Update: Don’t Panic – prioritise. Critical flaw affects all versions of Windows

It is now confirmed that Microsoft’s patch Tuesday yesterday includes a critical spoofing vulnerability in the CryptoAPI DLL (Crypt32.dll) – CVE-2020-0601 – as reported in SC Media UK (see original story below). The vulnerability exists in the way the DLL validates Elliptic Curve Cryptography (ECC) certificates. 

In an email to SC Media UK Allan Liska, senior solutions architect at Recorded Future comments: “While it was initially reported that this was solely a Windows 10 vulnerability, the vulnerability exists in both Windows 10 and Windows Server 2016 and 2019.  This vulnerability could allow an attacker to spoof the certificates used to sign Windows applications. This in turn would allow malicious software to run even in environments that are heavily controlled and use application whitelisting for added layers of security.

Liska also describes reports that the vulnerability was reported by the NSA to Microsoft as, “…. a good demonstration of the role the NSA, and other security agencies, can play in improving global information security. This reporting is also likely a direct result of the revamped Vulnerability Equities Process (VEP) at NSA. The goal of the revamped programme is to prioritise public interest in reporting security flaws and protecting core systems and infrastructure. Certificate signing is critical to the trust of software applications in both the public and private sectors, so this reporting certainly meets the “critical” threshold. It is worth noting that, at this time, we do not know how long the NSA has knowledge of this vulnerability.”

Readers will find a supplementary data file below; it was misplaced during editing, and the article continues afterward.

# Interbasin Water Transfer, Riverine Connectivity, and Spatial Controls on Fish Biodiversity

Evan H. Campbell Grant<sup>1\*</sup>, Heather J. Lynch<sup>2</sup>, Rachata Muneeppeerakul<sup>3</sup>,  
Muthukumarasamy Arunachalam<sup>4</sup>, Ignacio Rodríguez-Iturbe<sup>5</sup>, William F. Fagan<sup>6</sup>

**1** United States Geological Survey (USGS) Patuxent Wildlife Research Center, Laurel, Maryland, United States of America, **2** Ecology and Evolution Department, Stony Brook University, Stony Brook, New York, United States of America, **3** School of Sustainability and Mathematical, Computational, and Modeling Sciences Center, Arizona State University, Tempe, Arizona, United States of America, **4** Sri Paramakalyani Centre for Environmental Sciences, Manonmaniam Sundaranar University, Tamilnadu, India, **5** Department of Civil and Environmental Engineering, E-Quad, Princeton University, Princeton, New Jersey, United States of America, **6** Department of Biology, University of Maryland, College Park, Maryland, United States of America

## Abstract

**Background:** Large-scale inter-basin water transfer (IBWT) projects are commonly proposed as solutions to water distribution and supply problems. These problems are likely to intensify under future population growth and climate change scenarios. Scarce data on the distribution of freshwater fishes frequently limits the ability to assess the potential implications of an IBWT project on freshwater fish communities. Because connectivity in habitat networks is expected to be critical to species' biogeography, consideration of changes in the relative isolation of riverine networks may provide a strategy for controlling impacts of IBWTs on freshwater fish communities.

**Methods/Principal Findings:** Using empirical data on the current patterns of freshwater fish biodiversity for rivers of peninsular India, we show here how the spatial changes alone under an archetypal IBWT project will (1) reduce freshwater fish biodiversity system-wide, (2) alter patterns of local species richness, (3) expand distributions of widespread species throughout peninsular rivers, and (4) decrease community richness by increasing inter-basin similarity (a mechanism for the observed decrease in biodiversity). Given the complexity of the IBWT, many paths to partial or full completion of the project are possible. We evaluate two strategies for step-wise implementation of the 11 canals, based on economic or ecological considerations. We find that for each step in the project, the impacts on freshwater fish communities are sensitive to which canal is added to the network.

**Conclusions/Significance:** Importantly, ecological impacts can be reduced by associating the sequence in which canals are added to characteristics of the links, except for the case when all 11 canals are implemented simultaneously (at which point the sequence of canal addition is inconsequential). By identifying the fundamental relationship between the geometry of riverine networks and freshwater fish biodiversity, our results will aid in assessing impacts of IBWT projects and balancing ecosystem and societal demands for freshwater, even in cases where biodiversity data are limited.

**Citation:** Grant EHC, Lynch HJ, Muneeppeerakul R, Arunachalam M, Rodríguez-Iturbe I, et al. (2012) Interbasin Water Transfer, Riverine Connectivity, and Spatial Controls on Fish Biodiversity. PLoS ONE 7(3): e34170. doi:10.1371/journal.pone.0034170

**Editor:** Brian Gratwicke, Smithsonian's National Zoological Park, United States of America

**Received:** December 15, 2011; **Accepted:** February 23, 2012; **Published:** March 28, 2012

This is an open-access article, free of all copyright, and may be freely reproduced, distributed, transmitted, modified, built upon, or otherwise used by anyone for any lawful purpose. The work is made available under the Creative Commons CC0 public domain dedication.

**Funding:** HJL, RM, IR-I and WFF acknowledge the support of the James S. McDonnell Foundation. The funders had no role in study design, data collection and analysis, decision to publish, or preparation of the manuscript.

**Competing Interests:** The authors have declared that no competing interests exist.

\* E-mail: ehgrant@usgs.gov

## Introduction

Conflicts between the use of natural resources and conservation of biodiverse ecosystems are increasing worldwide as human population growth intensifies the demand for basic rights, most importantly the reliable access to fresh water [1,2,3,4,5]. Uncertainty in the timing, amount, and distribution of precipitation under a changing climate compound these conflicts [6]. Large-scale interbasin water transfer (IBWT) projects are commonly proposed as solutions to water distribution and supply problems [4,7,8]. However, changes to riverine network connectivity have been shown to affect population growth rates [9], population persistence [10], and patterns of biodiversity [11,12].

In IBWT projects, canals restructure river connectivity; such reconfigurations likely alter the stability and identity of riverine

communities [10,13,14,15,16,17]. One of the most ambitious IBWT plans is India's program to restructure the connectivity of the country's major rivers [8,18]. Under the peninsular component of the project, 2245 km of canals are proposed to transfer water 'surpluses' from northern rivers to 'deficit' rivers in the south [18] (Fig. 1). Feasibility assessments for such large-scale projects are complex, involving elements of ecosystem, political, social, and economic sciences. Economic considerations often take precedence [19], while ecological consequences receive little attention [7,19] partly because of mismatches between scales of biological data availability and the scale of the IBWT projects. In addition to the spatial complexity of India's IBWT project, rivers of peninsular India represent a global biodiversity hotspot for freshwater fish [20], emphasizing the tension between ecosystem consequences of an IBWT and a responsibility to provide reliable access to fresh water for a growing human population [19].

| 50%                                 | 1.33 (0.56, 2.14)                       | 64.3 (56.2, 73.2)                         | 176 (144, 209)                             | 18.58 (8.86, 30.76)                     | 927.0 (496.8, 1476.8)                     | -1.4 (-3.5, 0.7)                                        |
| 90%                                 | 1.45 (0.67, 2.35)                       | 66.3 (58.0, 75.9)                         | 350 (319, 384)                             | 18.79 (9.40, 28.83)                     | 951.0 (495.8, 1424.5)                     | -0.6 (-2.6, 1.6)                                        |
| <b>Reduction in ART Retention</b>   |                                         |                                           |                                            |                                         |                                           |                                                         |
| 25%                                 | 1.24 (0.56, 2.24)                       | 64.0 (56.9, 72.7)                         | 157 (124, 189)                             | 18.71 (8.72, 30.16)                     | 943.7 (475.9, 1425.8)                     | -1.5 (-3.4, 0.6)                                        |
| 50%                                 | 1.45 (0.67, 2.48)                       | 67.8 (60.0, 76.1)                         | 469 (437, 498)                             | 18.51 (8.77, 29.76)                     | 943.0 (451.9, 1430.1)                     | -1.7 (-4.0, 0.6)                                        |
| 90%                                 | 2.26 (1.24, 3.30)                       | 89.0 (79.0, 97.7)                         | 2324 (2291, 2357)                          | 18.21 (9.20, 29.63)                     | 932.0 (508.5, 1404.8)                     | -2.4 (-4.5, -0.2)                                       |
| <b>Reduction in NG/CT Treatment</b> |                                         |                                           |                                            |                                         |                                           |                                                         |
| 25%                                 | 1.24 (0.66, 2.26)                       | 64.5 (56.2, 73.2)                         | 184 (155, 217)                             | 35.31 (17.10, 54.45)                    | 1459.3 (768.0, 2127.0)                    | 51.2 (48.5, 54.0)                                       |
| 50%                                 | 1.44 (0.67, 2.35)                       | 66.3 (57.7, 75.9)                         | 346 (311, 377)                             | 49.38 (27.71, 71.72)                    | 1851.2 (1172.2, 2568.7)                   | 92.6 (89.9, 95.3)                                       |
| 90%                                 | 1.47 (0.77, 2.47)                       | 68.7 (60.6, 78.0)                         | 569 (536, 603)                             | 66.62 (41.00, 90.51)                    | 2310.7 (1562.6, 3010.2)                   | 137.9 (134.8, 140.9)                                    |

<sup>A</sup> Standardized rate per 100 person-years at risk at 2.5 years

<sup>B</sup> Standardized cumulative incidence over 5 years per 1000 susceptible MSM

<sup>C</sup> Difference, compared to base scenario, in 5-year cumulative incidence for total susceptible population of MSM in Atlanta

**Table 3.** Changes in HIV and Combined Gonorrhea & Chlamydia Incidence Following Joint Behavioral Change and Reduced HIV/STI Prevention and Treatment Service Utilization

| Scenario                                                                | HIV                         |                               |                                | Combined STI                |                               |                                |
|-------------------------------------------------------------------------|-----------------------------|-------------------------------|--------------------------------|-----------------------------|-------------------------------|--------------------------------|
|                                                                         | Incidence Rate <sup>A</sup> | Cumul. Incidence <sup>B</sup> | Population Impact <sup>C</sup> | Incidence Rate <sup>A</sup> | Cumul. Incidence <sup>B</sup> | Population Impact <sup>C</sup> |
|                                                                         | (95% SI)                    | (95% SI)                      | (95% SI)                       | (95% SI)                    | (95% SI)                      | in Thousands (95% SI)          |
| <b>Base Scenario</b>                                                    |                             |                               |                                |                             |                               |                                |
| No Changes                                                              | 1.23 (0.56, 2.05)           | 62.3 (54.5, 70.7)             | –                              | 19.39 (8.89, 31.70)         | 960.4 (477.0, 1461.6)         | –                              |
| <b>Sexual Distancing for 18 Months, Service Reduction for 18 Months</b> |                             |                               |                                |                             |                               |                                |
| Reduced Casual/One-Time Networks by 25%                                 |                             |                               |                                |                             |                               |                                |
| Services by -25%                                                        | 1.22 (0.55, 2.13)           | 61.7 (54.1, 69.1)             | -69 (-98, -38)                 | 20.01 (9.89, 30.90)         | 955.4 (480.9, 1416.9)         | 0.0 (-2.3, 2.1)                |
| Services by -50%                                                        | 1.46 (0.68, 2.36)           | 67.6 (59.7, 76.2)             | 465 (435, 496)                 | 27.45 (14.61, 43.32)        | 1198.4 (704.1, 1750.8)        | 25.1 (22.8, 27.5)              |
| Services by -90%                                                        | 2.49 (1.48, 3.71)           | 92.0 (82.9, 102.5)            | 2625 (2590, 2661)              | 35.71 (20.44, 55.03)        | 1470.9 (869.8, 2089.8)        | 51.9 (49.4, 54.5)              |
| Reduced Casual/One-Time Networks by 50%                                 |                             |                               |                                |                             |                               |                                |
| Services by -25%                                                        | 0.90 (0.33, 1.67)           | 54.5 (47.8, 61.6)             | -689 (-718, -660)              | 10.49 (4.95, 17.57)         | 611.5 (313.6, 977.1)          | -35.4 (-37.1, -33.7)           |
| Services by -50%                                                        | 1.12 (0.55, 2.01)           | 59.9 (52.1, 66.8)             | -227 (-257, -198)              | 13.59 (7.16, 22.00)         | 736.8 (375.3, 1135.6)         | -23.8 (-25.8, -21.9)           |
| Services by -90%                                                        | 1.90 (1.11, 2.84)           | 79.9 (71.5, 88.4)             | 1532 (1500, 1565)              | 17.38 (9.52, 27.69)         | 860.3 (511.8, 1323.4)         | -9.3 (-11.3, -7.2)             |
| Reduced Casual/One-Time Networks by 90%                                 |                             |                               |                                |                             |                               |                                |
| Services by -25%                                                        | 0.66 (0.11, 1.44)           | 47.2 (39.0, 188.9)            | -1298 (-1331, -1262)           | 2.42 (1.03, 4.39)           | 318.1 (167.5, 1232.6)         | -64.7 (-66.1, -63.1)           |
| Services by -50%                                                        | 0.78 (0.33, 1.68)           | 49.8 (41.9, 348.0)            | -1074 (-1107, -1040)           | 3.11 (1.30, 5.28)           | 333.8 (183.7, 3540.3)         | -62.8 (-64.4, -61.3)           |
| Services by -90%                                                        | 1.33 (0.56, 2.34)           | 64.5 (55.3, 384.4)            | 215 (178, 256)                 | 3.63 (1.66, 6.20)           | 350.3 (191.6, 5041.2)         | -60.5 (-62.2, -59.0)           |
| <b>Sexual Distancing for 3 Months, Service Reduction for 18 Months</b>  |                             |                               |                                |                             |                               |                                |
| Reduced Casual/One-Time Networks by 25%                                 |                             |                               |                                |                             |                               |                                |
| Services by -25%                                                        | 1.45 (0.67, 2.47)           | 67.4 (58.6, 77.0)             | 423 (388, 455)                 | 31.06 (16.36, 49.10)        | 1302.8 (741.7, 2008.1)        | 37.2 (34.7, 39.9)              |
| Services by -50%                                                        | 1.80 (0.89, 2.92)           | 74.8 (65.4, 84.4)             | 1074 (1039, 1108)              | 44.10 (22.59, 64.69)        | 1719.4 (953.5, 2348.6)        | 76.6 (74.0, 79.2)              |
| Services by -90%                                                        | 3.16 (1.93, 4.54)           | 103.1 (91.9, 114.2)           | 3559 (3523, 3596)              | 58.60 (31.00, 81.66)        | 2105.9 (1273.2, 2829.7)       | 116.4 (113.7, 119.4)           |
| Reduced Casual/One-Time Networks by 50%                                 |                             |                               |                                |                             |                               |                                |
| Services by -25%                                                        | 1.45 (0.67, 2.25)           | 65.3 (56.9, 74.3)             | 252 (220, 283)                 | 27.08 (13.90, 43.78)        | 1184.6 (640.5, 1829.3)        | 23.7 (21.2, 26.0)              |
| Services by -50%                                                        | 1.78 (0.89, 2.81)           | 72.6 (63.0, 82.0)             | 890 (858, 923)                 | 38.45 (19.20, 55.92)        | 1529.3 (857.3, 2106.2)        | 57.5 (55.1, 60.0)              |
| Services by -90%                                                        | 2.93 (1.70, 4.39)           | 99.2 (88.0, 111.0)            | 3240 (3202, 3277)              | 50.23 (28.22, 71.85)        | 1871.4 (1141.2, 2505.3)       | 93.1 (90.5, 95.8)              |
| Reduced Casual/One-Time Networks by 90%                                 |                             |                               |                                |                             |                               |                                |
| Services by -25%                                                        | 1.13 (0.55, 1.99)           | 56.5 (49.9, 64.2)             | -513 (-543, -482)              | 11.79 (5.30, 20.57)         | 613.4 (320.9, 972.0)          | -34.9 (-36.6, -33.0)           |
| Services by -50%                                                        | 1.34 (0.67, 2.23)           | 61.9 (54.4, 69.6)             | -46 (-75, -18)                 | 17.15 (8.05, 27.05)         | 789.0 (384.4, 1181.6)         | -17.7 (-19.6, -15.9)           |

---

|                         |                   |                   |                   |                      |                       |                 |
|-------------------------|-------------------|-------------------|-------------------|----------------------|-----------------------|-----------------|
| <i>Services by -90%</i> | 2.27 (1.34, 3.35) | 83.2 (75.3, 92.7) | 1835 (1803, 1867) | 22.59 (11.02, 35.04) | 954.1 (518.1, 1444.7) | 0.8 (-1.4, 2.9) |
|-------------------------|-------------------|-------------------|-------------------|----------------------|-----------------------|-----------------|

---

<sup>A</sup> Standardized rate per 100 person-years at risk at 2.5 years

Microsoft fixed 50 vulnerabilities in this first Patch Tuesday of 2020. 

Praise for the NSA’s actions also came from Chris Morales, head of security analytics at Vectra who adds: “Kudos to the NSA for informing Microsoft and to Microsoft for quickly reacting.

“I’d be interested to understand what makes this exploit worth reporting to Microsoft instead of keeping for their personal arsenal as they have in the past. It could be because many of those previous tools leaked and have caused widespread damage across multiple organisations. It could be because there was a concern other would find this vulnerability themselves and it was dangerous enough to warrant remediation instead of weaponising. Or it just could be the NSA already has enough other methods for compromising a Windows system and doesn’t need it.”

Defenders are reminded again of the importance of patching this vulnerability, and how to prioritse, with Tim Mackey, principal security strategist within the Synopsys CyRC (Cybersecurity Research Center) saying: “There are times when it’s reasonable to defer a patch, but deferring the patch for CVE-2020-0601 isn’t one of them. … Exploitation of this vulnerability will allow an attacker to bypass the trust of all network connections on Windows 10 and Windows Server 2016/2019 systems, or those referencing them.

“With the attention CVE-2020-0601 is receiving, attackers will be crafting their attacks with an eye to profiting from those who lag in their patch procedures. Priority should be placed on patching any Windows device connected to the internet, or fulfilling a network service function like DNS, web proxy, VPN server, domain controllers or systems validating trust. As with any vulnerability, if the system is used by a privilege user, then timely application of patches is critical. In the case of CVE-2020-0601, priority should be placed on patching any system used by a privileged user or by a user with access to sensitive data.”